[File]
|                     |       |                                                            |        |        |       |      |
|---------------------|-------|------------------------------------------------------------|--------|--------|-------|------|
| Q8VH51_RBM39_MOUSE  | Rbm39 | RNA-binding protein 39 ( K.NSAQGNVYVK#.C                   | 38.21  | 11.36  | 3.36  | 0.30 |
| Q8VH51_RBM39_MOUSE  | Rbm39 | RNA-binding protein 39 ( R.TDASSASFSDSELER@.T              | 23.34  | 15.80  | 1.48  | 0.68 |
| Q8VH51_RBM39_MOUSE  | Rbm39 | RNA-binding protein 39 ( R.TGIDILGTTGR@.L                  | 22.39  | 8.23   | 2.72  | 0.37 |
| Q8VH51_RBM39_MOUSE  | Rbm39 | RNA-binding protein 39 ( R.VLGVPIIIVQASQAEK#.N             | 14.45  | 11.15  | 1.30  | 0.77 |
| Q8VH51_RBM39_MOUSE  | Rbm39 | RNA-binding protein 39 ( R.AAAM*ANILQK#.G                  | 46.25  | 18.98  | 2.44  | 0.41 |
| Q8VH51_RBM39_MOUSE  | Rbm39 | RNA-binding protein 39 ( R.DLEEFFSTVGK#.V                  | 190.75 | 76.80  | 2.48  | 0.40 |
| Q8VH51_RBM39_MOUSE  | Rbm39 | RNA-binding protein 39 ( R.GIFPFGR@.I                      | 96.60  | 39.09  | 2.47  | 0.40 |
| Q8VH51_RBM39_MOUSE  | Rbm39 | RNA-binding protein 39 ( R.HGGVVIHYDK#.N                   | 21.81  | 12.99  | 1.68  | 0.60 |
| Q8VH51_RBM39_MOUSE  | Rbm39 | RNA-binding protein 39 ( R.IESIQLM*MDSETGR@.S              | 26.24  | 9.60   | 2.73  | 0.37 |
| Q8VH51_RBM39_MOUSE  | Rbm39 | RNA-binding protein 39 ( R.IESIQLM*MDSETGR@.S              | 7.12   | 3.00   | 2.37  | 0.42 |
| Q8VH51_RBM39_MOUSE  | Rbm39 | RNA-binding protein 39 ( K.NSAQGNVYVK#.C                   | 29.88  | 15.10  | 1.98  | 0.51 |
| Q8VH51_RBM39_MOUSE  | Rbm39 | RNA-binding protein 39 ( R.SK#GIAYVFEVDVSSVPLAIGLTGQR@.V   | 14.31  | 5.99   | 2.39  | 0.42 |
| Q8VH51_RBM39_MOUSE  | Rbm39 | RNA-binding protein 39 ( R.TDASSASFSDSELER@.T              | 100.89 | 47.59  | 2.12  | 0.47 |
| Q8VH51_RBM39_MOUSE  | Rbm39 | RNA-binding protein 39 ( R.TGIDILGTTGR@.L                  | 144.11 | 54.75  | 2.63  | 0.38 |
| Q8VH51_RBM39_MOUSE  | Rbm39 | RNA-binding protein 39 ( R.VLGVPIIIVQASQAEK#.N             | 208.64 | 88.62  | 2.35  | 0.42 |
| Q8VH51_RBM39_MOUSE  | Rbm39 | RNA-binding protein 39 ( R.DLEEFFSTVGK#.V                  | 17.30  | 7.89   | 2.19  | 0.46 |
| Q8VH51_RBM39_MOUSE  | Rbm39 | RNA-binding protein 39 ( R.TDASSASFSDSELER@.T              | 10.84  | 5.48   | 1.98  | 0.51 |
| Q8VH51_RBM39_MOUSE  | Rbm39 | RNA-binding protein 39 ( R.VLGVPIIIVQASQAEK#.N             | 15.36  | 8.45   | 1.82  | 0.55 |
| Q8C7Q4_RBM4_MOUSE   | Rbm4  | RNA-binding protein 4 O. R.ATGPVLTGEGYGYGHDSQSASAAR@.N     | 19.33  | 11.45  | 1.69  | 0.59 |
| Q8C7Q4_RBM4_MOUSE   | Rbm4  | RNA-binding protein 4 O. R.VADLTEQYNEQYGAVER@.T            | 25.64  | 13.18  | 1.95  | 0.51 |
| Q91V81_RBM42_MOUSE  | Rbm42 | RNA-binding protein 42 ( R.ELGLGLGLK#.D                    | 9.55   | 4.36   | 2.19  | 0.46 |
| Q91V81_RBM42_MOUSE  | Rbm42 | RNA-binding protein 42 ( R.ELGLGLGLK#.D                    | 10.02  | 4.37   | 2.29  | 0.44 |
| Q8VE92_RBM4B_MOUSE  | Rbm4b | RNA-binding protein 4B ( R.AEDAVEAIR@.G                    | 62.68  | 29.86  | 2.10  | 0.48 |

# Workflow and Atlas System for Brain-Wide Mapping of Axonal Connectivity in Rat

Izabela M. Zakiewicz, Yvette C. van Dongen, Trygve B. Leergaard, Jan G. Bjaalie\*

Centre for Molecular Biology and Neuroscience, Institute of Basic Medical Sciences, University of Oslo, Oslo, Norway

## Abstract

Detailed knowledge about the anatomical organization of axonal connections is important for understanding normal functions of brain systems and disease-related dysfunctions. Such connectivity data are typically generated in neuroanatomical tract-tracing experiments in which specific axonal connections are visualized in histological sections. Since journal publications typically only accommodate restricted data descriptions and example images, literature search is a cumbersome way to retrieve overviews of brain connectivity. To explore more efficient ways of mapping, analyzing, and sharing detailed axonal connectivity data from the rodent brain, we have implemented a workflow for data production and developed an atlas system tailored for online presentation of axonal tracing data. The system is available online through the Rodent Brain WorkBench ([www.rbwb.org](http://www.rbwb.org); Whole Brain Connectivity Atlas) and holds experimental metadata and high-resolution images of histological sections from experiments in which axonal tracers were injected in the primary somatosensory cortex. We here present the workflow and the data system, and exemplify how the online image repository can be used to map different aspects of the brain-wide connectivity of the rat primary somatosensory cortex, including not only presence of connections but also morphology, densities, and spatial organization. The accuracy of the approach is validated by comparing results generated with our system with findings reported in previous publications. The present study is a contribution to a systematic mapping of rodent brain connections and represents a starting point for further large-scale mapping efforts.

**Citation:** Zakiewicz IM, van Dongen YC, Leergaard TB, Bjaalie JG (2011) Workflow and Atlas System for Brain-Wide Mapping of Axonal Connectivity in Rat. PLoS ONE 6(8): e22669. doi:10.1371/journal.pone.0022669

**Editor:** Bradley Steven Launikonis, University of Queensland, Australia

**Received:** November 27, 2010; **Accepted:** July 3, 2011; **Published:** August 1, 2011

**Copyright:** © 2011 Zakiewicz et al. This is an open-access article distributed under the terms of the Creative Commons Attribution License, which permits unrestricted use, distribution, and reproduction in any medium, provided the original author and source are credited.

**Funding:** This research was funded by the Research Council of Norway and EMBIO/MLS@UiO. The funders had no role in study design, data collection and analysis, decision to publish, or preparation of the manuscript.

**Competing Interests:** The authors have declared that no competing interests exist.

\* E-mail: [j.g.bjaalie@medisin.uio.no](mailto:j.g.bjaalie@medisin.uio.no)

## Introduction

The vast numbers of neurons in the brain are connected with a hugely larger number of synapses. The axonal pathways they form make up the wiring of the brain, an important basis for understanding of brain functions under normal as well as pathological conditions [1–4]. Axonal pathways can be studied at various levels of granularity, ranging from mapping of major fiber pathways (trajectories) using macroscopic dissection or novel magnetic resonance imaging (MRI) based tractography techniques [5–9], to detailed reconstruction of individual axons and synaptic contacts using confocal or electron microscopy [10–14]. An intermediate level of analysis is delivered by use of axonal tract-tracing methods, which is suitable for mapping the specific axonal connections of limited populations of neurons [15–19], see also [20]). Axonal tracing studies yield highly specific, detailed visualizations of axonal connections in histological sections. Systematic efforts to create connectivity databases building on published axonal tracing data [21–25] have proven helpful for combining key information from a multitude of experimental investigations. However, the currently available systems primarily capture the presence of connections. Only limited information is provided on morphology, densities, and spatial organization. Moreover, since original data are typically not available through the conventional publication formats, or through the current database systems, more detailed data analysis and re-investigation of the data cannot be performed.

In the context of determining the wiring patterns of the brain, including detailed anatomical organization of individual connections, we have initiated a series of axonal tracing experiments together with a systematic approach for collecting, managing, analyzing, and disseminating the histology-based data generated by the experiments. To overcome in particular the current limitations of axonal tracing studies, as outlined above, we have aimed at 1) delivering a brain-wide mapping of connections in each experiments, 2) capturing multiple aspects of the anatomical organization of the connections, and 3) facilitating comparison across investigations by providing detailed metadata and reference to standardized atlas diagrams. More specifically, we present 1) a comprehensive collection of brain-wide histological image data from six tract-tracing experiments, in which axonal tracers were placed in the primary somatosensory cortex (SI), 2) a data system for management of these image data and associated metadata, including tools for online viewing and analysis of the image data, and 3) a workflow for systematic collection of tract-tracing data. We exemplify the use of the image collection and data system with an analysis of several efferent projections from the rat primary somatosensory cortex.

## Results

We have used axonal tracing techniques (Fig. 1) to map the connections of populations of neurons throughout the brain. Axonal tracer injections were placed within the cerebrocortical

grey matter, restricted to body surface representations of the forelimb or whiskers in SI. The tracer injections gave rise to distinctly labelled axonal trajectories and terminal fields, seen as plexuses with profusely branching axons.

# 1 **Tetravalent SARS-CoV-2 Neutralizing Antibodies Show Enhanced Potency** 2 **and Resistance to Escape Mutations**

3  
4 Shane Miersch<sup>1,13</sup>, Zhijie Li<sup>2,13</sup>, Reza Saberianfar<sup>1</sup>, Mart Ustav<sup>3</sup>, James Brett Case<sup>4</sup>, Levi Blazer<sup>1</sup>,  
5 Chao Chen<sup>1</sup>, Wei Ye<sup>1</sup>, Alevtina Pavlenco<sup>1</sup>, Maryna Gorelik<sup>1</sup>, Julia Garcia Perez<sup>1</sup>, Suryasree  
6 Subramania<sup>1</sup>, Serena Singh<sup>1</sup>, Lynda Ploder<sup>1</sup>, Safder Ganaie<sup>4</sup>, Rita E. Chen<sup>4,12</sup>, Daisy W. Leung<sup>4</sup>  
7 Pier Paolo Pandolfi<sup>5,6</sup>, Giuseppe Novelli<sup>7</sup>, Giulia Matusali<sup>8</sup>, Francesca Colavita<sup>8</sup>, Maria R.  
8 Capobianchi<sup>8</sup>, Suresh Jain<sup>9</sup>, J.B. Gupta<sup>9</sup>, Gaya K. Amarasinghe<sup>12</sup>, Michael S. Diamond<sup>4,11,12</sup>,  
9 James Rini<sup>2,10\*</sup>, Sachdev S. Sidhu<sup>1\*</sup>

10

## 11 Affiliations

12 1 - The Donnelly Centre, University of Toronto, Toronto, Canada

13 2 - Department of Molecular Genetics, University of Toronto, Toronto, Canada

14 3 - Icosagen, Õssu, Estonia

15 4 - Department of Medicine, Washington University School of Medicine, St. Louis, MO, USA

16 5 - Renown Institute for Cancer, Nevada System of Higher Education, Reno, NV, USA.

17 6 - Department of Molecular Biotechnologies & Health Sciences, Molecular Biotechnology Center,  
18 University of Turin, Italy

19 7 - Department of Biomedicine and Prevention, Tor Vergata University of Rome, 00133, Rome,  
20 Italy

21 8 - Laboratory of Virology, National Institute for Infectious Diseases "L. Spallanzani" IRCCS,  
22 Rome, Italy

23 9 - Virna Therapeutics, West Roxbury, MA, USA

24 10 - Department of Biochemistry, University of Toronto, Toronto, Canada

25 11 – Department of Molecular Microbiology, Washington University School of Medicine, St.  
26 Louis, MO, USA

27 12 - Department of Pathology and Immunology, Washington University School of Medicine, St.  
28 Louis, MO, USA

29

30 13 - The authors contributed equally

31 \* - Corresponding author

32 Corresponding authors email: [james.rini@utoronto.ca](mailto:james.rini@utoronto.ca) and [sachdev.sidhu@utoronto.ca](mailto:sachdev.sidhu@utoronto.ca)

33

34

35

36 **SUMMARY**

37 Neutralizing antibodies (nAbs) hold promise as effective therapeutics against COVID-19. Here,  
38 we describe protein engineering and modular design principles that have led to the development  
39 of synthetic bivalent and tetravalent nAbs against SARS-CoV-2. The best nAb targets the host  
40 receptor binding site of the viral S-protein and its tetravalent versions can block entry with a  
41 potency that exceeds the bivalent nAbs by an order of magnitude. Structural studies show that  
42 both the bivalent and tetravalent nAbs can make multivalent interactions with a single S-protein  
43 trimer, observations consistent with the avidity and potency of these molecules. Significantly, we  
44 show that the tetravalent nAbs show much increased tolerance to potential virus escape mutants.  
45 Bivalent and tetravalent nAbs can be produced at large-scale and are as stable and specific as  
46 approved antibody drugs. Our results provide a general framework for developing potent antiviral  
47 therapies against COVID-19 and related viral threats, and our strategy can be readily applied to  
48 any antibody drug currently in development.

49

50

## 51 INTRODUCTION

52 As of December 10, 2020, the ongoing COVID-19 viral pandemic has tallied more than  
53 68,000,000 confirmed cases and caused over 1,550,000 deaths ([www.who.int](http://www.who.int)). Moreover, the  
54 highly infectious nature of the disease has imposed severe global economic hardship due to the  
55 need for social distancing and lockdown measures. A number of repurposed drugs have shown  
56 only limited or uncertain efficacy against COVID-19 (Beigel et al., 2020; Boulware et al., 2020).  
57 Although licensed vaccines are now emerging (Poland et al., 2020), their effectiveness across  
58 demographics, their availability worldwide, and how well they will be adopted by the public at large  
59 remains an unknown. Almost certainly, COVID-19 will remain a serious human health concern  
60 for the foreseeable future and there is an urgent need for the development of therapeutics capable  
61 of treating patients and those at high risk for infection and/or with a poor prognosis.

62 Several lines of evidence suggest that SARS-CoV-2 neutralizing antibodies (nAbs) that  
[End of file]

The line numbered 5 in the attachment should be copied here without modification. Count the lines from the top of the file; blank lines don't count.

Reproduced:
| Q8VH51_RBM39_MOUSE  | Rbm39 | RNA-binding protein 39 ( R.TGIDILGTTGR@.L                  | 22.39  | 8.23   | 2.72  | 0.37 |